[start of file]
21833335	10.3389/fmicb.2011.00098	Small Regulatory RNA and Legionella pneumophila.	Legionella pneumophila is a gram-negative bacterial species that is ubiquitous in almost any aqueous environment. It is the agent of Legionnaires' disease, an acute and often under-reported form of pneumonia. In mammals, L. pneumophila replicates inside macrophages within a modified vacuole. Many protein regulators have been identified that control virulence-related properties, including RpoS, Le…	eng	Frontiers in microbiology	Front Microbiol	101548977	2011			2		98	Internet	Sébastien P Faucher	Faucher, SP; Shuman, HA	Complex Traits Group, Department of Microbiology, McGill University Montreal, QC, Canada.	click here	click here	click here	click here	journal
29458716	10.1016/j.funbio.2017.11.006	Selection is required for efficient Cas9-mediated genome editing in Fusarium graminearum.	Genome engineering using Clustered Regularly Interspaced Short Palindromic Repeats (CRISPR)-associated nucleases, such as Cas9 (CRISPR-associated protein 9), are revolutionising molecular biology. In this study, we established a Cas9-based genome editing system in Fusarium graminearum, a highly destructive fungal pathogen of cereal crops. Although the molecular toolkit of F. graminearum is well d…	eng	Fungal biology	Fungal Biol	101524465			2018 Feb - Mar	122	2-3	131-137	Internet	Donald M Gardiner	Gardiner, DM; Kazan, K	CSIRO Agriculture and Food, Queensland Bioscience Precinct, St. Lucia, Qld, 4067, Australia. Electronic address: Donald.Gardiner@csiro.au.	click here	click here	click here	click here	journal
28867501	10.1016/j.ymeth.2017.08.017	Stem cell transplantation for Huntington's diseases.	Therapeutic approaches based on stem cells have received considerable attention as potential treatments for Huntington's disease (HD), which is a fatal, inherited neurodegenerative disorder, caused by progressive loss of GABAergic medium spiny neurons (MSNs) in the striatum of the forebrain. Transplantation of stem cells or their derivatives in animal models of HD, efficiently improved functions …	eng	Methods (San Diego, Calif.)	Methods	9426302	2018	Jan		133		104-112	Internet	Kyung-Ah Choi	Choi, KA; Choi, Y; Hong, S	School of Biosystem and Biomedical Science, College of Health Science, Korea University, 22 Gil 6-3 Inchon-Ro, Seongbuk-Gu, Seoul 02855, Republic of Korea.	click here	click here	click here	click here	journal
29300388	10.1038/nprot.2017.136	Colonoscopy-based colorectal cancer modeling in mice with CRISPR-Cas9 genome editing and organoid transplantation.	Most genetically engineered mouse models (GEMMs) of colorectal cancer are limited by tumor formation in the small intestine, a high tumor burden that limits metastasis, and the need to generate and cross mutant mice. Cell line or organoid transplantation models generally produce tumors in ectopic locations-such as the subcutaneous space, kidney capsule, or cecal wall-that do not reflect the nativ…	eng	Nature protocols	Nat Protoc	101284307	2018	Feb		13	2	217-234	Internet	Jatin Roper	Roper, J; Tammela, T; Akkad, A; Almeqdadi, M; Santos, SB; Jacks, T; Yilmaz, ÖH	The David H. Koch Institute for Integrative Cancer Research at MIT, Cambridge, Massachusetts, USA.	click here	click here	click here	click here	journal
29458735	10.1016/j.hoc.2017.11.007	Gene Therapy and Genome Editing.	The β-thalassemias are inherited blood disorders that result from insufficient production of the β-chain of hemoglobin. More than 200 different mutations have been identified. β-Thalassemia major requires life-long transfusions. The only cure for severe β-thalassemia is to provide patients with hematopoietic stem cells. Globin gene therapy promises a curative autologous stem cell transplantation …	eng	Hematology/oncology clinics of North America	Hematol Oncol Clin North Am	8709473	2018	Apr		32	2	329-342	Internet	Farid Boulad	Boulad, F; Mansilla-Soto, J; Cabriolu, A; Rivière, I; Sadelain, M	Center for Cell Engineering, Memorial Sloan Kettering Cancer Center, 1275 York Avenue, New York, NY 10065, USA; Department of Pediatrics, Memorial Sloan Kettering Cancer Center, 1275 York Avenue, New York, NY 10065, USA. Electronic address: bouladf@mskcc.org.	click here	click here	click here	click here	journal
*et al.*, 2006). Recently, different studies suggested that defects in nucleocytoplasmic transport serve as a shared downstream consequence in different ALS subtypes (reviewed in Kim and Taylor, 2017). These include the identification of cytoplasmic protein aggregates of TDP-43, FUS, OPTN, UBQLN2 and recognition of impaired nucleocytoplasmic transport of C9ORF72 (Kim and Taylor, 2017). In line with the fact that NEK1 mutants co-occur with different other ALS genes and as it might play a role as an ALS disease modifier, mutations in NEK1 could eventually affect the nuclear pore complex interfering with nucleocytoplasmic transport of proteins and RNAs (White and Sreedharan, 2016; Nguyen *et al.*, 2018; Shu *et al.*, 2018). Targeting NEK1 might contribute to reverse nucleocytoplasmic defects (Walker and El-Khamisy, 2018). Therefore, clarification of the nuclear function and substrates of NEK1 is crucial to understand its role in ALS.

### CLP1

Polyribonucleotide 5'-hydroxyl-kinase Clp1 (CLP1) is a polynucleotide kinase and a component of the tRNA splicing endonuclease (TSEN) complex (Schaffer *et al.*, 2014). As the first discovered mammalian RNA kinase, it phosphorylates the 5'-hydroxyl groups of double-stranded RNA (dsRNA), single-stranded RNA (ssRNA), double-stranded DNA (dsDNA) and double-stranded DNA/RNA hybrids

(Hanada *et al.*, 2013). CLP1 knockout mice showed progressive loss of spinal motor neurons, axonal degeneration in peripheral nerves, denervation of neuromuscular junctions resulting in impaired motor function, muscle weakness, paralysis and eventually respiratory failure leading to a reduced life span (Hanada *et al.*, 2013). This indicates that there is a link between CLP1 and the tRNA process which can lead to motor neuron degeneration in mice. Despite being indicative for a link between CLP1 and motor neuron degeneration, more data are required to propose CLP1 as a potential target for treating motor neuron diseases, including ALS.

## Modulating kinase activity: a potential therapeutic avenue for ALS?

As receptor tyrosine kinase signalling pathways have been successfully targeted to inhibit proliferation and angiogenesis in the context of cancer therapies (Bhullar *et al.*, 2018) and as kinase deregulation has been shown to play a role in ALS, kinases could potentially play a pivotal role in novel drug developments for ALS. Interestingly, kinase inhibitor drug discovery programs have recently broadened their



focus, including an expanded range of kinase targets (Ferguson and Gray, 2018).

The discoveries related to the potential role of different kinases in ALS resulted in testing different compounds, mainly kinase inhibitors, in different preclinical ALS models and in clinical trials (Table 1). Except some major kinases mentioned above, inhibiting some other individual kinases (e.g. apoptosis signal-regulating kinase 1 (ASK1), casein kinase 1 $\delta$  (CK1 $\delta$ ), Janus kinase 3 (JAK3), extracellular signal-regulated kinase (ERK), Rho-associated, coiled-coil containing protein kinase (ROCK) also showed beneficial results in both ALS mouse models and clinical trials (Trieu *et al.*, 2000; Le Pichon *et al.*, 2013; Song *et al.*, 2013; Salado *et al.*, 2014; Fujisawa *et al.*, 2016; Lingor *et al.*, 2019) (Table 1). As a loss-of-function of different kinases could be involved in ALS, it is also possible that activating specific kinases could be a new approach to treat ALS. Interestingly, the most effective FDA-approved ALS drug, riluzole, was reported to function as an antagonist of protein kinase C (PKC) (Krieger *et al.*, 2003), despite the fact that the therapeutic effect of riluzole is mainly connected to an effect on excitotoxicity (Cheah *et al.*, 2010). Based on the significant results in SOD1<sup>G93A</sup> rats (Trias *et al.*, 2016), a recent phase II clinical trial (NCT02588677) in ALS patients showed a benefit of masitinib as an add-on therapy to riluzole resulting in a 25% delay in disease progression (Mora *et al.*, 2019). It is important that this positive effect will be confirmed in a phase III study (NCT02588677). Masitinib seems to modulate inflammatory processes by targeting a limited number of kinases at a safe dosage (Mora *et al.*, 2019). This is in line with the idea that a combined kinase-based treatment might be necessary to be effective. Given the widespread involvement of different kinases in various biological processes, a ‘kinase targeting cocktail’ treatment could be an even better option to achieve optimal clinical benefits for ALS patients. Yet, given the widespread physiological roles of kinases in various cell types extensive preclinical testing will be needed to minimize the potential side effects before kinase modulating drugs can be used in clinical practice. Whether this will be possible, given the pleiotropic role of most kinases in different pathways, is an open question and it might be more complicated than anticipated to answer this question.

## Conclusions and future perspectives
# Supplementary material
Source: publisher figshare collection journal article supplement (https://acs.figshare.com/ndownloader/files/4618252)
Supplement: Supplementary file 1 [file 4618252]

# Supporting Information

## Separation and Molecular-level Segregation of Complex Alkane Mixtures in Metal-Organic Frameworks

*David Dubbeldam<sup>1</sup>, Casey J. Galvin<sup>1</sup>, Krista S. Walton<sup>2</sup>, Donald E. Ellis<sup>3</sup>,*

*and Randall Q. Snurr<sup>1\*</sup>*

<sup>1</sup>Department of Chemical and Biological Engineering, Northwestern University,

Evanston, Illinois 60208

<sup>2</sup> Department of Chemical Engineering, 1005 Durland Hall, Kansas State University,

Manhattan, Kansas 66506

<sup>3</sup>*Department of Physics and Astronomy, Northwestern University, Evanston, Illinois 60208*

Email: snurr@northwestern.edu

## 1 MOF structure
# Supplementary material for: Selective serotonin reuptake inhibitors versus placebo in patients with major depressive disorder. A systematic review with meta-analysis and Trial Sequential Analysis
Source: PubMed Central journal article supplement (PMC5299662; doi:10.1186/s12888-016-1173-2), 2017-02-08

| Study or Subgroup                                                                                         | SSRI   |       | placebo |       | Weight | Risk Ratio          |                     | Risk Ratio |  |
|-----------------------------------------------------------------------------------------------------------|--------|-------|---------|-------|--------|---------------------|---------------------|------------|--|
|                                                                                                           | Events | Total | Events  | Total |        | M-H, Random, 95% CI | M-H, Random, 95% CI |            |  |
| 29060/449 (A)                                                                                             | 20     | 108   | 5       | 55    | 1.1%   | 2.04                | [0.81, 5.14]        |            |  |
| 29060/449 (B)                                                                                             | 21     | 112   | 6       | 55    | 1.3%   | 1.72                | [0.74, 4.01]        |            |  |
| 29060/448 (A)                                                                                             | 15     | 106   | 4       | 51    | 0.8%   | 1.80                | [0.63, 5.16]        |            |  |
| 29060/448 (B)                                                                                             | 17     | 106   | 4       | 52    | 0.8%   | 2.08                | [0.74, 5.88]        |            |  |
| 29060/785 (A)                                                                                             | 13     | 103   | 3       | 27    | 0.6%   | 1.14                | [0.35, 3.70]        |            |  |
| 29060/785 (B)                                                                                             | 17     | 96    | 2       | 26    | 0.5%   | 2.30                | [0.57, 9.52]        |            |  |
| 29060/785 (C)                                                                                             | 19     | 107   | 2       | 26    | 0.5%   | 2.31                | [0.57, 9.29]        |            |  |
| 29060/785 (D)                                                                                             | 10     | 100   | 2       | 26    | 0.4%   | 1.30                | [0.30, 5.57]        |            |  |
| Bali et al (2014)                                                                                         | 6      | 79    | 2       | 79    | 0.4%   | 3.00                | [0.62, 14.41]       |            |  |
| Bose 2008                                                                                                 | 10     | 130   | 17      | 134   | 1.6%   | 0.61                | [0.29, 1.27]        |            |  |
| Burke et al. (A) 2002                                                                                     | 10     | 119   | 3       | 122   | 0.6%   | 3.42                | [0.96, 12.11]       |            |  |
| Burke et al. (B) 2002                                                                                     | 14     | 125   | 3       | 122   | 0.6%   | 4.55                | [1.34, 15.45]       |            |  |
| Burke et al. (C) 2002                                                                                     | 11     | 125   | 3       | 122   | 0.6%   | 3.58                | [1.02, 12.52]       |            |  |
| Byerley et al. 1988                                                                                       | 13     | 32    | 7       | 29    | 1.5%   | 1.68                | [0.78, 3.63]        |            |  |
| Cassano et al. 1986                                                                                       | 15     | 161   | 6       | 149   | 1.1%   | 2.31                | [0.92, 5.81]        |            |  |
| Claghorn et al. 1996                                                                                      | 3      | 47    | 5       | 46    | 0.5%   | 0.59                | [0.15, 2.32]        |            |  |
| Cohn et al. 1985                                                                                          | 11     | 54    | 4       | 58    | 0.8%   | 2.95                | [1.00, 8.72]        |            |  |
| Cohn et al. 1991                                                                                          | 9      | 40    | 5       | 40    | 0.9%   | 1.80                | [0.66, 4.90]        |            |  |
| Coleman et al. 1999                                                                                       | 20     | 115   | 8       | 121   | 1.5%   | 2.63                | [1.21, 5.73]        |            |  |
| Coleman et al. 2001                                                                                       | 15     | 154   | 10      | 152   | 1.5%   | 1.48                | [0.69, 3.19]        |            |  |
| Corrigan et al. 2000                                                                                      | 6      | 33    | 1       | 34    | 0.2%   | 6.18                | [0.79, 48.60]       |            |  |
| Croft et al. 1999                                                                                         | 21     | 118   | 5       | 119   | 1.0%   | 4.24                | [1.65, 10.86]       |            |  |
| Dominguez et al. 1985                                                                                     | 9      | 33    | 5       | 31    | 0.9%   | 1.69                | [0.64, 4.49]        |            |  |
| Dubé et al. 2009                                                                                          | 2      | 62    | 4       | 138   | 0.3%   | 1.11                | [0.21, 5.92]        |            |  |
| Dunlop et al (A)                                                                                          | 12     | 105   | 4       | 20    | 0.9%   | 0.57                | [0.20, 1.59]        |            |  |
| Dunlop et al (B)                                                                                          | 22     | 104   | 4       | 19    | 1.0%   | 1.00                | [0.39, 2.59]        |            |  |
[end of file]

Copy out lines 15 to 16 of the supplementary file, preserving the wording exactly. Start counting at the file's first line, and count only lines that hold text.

# Supplementary material
Source: publisher figshare collection journal article supplement (https://acs.figshare.com/ndownloader/files/4618252)